Jonah was on the phone to my Mum, on loudspeaker.
'Yeah, nice weekend...Daddy is doing the gardening and Mummy is doing the cleaning'
I choked on my muesli and had to resist grabbing the phone away from him. I could hear Mum, on the other end, howling with laughter. '
Jonah, bless him, is only saying what he sees. Most of my life, personal or professional, is spent working with the premise of 'show, don't tell', and it would appear that when it comes to giving children role models, the traditional ones are what's being served up. So it is that, with two small boys in the house, I'm being more to active feminism than at any other point in my life.
Thinking back, I was lucky. I didn't ever ponder feminism too much (or 'boys vs girls' when I was too small to give it such a multi-syllabic name) because there was no need. I was one of two sisters with sports-loving parents; weekends were just as likely to be spent by the side of a minor-league rugby pitch or helping to mix cement as they were doing the grocery shopping. We had a Scalectrix, and tools; and anyway, books very quickly usurped anything remotely gender-specific for me (unless you're going to claim that reading is inherently female, which is a whole other issue). 'As soon as you learned to read everything else stopped' my Mum has been known to remember wistfully.
I went to an all-girls' secondary school, where CDT and woodwork were taught alongside ceramics and jewellery. When I reached sixth form, one of my general studies classes involved donning overalls and learning how to change the oil and a tyre in our car mechanics class. We were also taught the far-more-useful skill of hotwiring; probably something not being taught to the boys down the road.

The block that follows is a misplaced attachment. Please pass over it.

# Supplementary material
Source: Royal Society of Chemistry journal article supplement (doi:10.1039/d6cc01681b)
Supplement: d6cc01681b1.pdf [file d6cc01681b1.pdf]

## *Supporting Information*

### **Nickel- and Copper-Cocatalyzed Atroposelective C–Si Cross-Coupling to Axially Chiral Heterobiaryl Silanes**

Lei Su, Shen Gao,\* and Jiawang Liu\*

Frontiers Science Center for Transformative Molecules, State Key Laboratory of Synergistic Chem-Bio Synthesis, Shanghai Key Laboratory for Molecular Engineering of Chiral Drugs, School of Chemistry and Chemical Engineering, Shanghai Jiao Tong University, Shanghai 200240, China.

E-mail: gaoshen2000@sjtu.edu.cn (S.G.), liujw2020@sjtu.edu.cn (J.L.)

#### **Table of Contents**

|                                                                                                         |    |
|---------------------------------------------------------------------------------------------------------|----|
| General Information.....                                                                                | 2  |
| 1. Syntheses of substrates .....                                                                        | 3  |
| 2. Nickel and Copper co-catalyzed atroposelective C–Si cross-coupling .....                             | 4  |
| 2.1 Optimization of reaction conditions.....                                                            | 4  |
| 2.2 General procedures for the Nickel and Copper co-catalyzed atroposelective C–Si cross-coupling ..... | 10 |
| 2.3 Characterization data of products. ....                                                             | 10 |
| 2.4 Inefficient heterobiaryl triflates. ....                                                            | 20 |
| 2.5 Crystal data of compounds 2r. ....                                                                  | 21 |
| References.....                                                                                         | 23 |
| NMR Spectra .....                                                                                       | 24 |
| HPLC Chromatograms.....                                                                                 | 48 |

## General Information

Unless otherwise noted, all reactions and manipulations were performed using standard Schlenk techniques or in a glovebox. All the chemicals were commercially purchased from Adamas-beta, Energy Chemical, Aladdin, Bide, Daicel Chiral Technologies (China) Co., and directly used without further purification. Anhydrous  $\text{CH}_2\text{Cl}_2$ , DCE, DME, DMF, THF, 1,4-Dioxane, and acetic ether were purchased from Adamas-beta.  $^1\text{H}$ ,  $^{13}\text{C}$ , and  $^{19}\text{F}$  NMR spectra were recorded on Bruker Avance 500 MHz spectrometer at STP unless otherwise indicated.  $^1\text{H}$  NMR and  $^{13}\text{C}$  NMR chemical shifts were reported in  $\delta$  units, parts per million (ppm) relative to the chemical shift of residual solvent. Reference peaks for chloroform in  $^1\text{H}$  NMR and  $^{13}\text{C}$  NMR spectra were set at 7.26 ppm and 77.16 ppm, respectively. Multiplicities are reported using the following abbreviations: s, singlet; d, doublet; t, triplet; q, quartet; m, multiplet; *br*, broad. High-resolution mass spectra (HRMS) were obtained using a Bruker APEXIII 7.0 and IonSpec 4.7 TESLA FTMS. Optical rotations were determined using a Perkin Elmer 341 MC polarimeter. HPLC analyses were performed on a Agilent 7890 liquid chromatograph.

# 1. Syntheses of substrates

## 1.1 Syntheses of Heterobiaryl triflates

I was lucky, too; whilst I had a terrific group of girlfriends at school, my out-of-school friends were predominantly boys (with two key exceptions). And again, I honestly don't think I ever felt that I couldn't do anything the lads were doing. Sometimes there were things I wished I wasn't doing, like abseiling down a disused quarry or leaping off a bridge attached only to a piece of rope (and there was nothing 'professional' about this; it was just an idea cooked up in the pub).
If I'd abstained, nobody would have cared; some of the gang just didn't fancy some of the activities. But there was never an assumption that I would or wouldn't do something based on gender.
I suppose it could be said that I was the ultimate beneficiary of the generation before me, who burned bridges (and bras) so I didn't have to. Honestly, though, I think it was more down to a matter of luck and attitude. I never actively engaged in fighting for feminism not because I didn't care, but because I didn't have to. If I wanted to do something; great, get on with it.
Having boys has made it an issue, though. Maybe having children would do that anyway, in the way they make you reexamine your stance on, say, TV or jaywalking. But as the sole female representative in a house of men, I'm at the diametric opposite end of where I grew up. So we try to ensure the boys know two things:it's possible for them to aspire to anything they like; and secondly: that would be also be true even if they were girls. My boys love to cook (although, as with reading, I fail to see why that should be gender-biased; cooking's a basic human skill set, for crying out loud). They love to play rugby. They love to read endless books, and they love to climb trees. For the most part, I think we're doing OK. All I need to do is figure out how to persuade them that Mummy doesn't clean...